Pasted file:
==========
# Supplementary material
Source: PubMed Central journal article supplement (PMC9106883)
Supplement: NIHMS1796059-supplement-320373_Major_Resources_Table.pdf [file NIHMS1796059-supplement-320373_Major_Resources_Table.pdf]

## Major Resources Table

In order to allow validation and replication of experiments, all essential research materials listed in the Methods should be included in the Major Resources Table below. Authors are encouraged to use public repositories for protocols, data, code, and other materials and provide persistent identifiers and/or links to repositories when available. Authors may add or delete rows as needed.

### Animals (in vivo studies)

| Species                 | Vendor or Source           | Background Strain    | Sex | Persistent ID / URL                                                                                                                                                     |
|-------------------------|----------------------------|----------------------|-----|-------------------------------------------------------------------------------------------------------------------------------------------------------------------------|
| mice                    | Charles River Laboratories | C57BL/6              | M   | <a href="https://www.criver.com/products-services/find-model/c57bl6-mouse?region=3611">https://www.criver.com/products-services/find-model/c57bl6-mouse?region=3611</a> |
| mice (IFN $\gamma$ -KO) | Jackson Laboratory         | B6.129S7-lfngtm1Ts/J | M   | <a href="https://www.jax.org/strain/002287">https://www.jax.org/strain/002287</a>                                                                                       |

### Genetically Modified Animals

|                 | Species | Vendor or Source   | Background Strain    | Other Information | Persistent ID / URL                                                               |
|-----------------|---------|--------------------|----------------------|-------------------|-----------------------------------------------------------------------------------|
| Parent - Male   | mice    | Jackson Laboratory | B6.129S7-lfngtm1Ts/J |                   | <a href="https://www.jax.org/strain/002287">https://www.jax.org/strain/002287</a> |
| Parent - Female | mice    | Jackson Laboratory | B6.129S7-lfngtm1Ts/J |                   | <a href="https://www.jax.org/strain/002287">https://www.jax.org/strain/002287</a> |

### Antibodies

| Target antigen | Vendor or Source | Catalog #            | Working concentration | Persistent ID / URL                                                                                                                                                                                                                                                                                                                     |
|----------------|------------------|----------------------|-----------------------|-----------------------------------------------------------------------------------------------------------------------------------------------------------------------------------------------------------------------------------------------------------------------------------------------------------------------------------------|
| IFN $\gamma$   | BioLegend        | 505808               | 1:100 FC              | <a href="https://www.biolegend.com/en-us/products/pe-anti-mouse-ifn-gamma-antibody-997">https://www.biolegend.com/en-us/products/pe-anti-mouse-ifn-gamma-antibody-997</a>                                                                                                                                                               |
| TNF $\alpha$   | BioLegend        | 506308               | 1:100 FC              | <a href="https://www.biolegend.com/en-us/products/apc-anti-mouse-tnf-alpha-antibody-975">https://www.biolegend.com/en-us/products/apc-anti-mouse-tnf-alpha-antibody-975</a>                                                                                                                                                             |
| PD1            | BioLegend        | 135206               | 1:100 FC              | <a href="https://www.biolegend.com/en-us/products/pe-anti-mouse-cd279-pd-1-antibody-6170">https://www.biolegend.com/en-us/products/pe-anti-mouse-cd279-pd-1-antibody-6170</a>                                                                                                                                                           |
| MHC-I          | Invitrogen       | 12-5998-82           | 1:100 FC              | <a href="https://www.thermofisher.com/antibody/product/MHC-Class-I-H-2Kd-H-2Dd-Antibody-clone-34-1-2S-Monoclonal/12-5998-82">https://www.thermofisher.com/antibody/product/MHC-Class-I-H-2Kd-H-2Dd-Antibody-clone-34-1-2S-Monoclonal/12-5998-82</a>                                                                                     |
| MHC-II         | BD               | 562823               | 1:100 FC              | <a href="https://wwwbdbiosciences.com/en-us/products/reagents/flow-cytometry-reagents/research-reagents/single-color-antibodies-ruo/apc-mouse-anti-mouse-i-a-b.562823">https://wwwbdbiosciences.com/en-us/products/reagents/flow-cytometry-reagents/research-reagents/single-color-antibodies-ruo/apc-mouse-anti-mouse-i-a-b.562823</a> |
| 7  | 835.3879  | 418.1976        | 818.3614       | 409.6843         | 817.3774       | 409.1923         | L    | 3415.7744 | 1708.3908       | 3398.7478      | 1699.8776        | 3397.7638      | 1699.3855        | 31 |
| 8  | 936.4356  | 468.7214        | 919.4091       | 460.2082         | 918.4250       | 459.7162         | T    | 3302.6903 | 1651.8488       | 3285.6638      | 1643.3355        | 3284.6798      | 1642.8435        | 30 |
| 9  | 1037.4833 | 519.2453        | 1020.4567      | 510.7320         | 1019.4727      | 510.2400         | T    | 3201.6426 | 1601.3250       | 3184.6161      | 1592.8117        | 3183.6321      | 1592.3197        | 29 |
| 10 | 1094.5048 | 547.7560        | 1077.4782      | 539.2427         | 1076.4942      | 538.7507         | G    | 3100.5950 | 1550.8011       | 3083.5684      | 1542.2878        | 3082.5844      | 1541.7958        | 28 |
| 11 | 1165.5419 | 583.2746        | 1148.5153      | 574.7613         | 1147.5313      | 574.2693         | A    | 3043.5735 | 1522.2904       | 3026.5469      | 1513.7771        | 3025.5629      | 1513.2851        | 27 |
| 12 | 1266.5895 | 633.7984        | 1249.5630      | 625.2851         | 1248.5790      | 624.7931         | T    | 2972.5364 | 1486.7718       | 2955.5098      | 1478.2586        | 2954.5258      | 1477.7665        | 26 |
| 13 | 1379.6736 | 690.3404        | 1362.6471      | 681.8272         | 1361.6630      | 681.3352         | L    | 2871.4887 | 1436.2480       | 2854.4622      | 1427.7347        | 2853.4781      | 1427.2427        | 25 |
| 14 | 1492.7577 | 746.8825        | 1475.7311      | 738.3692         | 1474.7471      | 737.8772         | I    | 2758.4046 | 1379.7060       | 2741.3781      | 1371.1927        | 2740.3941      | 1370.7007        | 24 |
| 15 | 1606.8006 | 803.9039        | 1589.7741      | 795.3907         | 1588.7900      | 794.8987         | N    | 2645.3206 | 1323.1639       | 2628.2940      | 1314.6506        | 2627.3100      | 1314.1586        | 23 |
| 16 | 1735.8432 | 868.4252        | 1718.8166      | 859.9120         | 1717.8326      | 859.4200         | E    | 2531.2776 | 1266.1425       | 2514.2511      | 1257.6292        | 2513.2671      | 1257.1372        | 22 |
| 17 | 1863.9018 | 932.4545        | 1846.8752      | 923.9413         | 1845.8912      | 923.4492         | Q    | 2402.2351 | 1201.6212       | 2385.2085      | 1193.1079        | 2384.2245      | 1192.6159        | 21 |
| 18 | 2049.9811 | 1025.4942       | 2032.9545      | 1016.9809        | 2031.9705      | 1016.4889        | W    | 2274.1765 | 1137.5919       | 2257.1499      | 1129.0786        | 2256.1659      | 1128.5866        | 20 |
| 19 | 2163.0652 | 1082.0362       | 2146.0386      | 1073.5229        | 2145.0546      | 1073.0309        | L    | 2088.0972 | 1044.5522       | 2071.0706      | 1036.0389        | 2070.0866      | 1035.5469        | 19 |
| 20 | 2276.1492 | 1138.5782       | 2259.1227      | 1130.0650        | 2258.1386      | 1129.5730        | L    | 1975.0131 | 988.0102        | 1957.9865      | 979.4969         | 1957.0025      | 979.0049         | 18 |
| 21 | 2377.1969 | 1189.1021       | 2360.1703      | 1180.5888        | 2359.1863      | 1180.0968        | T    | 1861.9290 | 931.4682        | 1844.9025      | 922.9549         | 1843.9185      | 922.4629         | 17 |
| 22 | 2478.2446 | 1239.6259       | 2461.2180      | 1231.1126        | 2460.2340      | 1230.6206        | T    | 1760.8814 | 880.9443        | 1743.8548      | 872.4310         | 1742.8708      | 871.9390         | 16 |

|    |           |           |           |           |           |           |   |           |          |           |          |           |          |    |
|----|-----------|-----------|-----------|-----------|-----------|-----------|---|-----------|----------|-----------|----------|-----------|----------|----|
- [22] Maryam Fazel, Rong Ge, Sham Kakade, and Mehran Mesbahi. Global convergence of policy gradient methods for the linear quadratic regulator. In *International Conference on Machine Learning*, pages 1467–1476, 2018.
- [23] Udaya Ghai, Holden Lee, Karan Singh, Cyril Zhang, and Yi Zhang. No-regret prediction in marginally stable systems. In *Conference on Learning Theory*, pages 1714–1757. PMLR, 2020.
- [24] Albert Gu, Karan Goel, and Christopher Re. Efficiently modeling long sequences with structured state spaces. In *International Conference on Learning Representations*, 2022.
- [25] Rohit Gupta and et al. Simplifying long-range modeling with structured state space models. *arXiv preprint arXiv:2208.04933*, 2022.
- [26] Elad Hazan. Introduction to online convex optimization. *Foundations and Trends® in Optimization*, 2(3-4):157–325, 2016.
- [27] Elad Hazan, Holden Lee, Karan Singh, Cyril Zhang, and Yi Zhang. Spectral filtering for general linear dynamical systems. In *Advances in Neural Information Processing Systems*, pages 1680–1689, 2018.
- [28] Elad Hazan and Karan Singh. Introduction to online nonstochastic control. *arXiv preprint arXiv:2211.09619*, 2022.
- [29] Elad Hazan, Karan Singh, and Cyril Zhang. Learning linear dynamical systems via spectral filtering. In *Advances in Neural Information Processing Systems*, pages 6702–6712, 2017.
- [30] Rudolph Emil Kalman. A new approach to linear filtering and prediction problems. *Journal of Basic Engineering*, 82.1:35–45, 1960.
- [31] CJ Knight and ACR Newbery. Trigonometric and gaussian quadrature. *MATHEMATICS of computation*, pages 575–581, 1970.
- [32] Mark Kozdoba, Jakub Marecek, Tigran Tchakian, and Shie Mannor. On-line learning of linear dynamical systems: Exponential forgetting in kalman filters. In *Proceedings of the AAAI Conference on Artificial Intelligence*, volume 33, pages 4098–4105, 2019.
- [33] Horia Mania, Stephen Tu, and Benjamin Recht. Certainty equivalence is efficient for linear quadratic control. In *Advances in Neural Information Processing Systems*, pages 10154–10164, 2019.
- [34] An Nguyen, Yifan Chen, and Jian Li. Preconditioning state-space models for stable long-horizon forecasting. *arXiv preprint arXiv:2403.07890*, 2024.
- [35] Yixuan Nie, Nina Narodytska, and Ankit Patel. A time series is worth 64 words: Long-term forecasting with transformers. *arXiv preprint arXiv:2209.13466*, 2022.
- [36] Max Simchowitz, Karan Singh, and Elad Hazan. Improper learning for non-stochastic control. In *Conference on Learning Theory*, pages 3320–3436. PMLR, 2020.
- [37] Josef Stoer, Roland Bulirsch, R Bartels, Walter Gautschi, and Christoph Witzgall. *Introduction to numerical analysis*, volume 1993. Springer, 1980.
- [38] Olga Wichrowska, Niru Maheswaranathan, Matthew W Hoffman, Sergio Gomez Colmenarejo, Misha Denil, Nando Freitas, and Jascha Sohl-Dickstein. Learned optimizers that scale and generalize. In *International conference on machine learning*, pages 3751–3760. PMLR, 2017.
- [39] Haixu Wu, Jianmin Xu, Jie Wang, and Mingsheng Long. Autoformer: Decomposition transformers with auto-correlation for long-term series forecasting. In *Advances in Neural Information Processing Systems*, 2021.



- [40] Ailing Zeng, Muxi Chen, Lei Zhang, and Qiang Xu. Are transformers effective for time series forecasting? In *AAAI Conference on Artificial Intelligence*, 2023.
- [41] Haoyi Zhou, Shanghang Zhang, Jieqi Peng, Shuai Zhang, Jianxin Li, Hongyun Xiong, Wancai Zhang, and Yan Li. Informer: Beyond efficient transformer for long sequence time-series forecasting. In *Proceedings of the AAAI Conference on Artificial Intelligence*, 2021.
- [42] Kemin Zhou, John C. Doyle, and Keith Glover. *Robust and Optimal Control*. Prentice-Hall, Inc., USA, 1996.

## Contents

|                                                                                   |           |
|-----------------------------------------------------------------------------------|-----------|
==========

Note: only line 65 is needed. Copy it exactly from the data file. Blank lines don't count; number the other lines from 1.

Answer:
|-----------------------------------------------------------------------------------|-----------|